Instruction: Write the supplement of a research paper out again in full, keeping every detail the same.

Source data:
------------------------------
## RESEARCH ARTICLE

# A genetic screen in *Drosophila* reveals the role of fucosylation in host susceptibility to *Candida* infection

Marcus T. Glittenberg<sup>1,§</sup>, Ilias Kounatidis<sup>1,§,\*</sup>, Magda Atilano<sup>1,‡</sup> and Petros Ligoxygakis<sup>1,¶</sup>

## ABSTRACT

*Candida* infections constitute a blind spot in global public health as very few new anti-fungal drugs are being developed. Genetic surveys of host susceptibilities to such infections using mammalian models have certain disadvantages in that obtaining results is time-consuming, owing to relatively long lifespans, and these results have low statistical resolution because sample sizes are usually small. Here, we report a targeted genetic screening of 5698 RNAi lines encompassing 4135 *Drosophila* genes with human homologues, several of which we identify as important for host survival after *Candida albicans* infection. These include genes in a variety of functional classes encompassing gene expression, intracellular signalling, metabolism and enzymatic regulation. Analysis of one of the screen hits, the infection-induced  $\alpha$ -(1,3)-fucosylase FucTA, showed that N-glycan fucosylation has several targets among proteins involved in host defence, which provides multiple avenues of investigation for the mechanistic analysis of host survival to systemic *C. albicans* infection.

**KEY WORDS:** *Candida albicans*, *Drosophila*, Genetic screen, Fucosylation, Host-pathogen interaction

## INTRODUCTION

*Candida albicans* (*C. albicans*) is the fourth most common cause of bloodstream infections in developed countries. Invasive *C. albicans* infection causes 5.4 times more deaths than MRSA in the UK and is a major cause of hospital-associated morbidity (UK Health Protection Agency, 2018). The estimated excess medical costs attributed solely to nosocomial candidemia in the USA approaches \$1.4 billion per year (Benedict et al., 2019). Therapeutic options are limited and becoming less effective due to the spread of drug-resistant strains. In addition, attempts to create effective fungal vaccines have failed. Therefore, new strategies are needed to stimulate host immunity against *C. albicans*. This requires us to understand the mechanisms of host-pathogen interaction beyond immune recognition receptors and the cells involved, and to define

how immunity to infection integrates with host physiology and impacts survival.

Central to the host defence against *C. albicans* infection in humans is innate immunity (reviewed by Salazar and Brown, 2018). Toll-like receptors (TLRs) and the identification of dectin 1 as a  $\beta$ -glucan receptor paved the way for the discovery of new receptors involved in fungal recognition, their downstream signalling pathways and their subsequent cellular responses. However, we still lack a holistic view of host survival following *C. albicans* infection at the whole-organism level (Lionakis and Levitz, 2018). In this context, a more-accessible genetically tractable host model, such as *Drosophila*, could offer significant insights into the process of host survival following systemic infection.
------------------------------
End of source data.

## RESEARCH ARTICLE

# A genetic screen in *Drosophila* reveals the role of fucosylation in host susceptibility to *Candida* infection

Marcus T. Glittenberg<sup>1,§</sup>, Ilias Kounatidis<sup>1,§,\*</sup>, Magda Atilano<sup>1,‡</sup> and Petros Ligoxygakis<sup>1,¶</sup>

## ABSTRACT

*Candida* infections constitute a blind spot in global public health as very few new anti-fungal drugs are being developed. Genetic surveys of host susceptibilities to such infections using mammalian models have certain disadvantages in that obtaining results is time-consuming, owing to relatively long lifespans, and these results have low statistical resolution because sample sizes are usually small. Here, we report a targeted genetic screening of 5698 RNAi lines encompassing 4135 *Drosophila* genes with human homologues, several of which we identify as important for host survival after *Candida albicans* infection. These include genes in a variety of functional classes encompassing gene expression, intracellular signalling, metabolism and enzymatic regulation. Analysis of one of the screen hits, the infection-induced  $\alpha$ -(1,3)-fucosylase FucTA, showed that N-glycan fucosylation has several targets among proteins involved in host defence, which provides multiple avenues of investigation for the mechanistic analysis of host survival to systemic *C. albicans* infection.

**KEY WORDS:** *Candida albicans*, *Drosophila*, Genetic screen, Fucosylation, Host-pathogen interaction

## INTRODUCTION

*Candida albicans* (*C. albicans*) is the fourth most common cause of bloodstream infections in developed countries. Invasive *C. albicans* infection causes 5.4 times more deaths than MRSA in the UK and is a major cause of hospital-associated morbidity (UK Health Protection Agency, 2018). The estimated excess medical costs attributed solely to nosocomial candidemia in the USA approaches \$1.4 billion per year (Benedict et al., 2019). Therapeutic options are limited and becoming less effective due to the spread of drug-resistant strains. In addition, attempts to create effective fungal vaccines have failed. Therefore, new strategies are needed to stimulate host immunity against *C. albicans*. This requires us to understand the mechanisms of host-pathogen interaction beyond immune recognition receptors and the cells involved, and to define

how immunity to infection integrates with host physiology and impacts survival.

Central to the host defence against *C. albicans* infection in humans is innate immunity (reviewed by Salazar and Brown, 2018). Toll-like receptors (TLRs) and the identification of dectin 1 as a  $\beta$ -glucan receptor paved the way for the discovery of new receptors involved in fungal recognition, their downstream signalling pathways and their subsequent cellular responses. However, we still lack a holistic view of host survival following *C. albicans* infection at the whole-organism level (Lionakis and Levitz, 2018). In this context, a more-accessible genetically tractable host model, such as *Drosophila*, could offer significant insights into the process of host survival following systemic infection.